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What Trees Can Teach Us About Dementia Caregiving

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Have you ever found yourself walking through a nature preserve or forest and wondered if you truly are alone?  This fall, I hiked one of our city’s hidden trails redeveloped a decade ago after numerous rockslides closed the mountain from traffic. In the distance, I heard garbled voices and footsteps, but didn’t see anyone.

The presence of others was on my mind. After parking in the unmarked lot and finding myself on the little signed paths, I looked around at the towering cottonwoods whose leaves would hang on until spring, the feathered purple asters always a harbinger of a season’s end, and the bright moss on a felled tree. The moss was dependent on the log to take root, the aster counting on a small fraction of light seeping through taller weeds, the cottonwoods hoping the ground cover would offer them some nutrients throughout the cold.

Humans, too, exist in this fashion, communicating with one another to grow, support, to heal and enter death with grace. We can learn much about how to care for one another through the study of forests and trees.

The Forest as a Caregiver

According to Suzanne Simard, forest ecologist and author of The Mother Tree, it was once presumed trees fought against each other for light and soil. Thus, older trees were removed to make room for younger species planted further and further apart. With her latest research equating human systems to ecological ones, she’s proving that assertion wrong.

“The most powerful parts of our social systems can be the elder that has aged and is guiding younger people or guiding their culture. And yet, they can be almost invisible in the hierarchy of our social system. In forests, it’s the same thing,” she says. We don’t need to remove the older trees; we need to focus on what they provide for the younger ones. And vice versa.

While her studies have been groundbreaking in how ecologists view the lives of trees, her experience as a breast cancer survivor also formed these insights. Her children were aged 10 and 12 when she was first diagnosed. “I had to learn,” she says. From her doctors and medical staff, her friends, and her family. A steady grove of support sprouted up around her. “We came together as a system.” Through that network, she gained resiliency. Like older trees that nurture young seedlings, those who surrounded Suzanne helped as she redeveloped her sense of well-being.

In the days before my mother died, her caregivers acted in a similar manner.  They were the stalwarts, content to love and aid the woman in front of them while I often saw only frailty. Each step of the way, from the time my mother moved into a memory care community to the time of her death, the caregivers saw my mother growing more into who she was.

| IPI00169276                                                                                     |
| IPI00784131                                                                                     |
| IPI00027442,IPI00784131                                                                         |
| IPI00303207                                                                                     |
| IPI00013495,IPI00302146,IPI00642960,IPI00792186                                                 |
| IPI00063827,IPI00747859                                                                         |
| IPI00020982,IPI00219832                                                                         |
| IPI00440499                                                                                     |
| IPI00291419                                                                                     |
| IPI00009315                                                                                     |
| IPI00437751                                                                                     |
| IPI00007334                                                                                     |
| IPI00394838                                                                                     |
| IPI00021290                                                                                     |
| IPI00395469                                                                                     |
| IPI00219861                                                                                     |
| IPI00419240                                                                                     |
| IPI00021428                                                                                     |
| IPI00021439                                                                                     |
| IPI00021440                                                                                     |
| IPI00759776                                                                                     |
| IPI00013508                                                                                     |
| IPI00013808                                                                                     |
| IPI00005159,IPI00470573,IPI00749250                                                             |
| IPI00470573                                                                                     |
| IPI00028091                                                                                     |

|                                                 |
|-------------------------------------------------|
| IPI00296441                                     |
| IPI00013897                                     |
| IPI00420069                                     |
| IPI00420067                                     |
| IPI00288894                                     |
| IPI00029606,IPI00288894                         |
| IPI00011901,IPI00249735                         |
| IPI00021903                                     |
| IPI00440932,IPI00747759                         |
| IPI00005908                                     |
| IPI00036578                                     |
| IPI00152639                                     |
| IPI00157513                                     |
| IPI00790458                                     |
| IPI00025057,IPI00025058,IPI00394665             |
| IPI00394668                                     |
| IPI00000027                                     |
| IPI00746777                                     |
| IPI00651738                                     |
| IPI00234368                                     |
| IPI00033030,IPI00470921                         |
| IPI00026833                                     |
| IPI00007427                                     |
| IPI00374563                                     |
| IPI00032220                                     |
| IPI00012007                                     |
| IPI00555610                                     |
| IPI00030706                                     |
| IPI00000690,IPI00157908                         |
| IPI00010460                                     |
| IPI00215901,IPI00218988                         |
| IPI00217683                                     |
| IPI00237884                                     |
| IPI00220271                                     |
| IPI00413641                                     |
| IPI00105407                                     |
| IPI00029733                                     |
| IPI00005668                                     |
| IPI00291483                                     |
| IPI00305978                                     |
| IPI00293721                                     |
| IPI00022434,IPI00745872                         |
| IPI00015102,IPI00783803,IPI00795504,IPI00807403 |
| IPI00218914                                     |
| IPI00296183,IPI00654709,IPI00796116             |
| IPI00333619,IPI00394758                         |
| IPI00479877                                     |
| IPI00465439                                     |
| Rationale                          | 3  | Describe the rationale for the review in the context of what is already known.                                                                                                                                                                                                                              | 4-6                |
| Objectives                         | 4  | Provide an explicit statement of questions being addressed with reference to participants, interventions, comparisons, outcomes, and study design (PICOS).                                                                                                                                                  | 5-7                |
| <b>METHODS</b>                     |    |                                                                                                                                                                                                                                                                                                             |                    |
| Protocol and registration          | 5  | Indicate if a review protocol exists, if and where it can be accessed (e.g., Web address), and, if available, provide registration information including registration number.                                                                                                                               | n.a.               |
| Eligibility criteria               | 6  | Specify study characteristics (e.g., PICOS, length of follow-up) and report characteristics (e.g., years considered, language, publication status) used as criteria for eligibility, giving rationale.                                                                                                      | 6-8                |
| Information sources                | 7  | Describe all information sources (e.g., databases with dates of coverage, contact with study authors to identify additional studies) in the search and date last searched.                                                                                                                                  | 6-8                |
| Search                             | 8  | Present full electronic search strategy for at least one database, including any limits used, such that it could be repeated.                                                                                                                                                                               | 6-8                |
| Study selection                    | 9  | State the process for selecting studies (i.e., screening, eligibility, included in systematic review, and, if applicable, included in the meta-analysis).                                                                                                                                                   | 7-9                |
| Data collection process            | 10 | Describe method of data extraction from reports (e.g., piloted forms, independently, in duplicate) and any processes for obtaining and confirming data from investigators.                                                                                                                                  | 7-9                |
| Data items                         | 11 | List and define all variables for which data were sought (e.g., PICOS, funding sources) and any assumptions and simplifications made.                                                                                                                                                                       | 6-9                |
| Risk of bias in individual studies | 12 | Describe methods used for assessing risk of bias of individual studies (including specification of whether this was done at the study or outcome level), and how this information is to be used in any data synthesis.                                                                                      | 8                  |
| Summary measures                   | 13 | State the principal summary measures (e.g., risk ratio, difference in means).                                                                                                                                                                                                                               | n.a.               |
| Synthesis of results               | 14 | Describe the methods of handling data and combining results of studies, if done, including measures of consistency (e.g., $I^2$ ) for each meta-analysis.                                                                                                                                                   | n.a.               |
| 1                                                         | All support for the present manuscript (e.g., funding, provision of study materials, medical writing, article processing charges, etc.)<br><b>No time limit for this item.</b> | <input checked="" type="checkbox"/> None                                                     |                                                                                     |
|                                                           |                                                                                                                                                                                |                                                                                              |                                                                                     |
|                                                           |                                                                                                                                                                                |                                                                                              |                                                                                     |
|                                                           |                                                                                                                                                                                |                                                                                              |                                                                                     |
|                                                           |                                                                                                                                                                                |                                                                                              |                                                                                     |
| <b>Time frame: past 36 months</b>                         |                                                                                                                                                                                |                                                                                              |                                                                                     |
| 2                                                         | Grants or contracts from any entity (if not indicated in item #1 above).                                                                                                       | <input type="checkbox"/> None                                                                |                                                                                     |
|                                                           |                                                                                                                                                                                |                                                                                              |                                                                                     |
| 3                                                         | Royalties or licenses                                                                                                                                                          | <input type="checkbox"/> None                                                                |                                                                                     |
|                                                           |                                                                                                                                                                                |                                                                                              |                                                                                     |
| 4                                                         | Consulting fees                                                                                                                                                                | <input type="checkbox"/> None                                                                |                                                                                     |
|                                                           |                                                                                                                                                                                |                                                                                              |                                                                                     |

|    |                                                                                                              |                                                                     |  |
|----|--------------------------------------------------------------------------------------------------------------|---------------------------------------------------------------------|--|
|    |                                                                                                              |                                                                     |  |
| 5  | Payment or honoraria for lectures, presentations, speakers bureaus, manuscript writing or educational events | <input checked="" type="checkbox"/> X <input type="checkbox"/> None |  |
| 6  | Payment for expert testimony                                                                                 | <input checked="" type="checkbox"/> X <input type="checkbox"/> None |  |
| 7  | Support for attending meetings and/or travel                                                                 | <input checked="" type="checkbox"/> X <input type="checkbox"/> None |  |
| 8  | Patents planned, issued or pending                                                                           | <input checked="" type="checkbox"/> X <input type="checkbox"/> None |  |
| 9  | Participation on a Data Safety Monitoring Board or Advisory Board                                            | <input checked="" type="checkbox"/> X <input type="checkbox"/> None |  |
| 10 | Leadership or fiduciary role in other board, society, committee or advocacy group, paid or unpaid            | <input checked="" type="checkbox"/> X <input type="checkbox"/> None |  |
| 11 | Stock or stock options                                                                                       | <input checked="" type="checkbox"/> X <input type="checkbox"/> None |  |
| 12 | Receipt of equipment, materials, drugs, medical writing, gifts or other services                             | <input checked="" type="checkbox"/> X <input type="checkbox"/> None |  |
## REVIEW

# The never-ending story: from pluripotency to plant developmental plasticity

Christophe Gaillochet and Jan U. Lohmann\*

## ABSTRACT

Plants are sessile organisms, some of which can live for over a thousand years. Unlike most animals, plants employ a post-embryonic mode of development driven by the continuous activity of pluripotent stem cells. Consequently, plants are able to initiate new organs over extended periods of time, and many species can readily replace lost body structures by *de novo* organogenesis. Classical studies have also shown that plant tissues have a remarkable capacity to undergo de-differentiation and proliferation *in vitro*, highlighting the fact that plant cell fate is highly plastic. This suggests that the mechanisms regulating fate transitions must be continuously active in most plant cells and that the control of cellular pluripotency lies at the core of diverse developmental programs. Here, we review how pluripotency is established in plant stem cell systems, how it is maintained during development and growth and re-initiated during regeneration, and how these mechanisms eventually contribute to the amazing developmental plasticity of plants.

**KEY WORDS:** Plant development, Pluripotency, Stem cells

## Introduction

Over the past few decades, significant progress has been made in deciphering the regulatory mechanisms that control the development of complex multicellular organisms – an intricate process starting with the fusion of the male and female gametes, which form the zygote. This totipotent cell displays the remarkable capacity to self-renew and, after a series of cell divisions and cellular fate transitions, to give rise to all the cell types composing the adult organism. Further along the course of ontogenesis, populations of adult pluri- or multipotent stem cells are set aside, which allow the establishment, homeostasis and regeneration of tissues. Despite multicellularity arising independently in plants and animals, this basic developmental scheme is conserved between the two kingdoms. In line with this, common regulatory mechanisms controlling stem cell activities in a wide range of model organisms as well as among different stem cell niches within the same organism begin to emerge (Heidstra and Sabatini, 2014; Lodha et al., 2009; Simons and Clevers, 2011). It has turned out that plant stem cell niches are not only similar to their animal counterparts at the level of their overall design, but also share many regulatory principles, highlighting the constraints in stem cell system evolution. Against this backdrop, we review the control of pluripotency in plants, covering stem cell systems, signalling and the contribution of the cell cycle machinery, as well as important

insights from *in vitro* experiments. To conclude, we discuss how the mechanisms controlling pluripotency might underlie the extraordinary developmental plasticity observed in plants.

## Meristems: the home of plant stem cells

The Migration of Aging Loved Ones

I hiked further into the preserve and idea of trees as playing a role in how we heal, or age stayed with me.

Forests and plants communicate with one another through the exchange of water vapors, gases, and other nutrients. But what does it mean when trees undergo a resettlement? For instance, at what altitude can a Douglas Fir be transplanted if its entire life was rooted along the cool coastal waters of the Oregon Coast?  

Writer Lauren Markham drove to Oregon to better understand this transplantation process. She writes, “Like humans, forests have always migrated for their survival, with new trees growing in more hospitable directions and older trees dying where they are no longer best suited to live.” So, what happens to humans when they no longer thrive where they once lived?  

We move our loved ones around from home to various settings or care facilities, sometimes without identifying and mapping out their transition. To plan for varying changes in emotional and physical states. To forgo assimilation periods. Depleted after transitioning my mother from a planned care setting for the first time, I had little knowledge of her new climate, fraught as I was by responsibility and grief. By mapping out resettlement plans for trees, researchers also hope to shed light on how to best transition humans whether necessitated by physical or human nature. 

Completing my hike, I forded a nearly dry creek bed and stood again the unmarked parking lot. A half dozen cars lined the gravel plot. Turns out, I hadn’t been alone. There were other travelers on this unmarked journey, and I had been surrounded by trees.

Annette Januzzi Wick is a writer, speaker, and author of I’ll Have Some of Yours, a journey of cookies and caregiving. (Three Arch Press) and is a recipient of a 2020 NSNC award. A frequent contributor to Cincinnati.com, her work has appeared in Cincinnati Magazine, nextavenue.com, Shanti Arts, 3rd Act Magazine, and others. Visit annettejwick.com to learn more.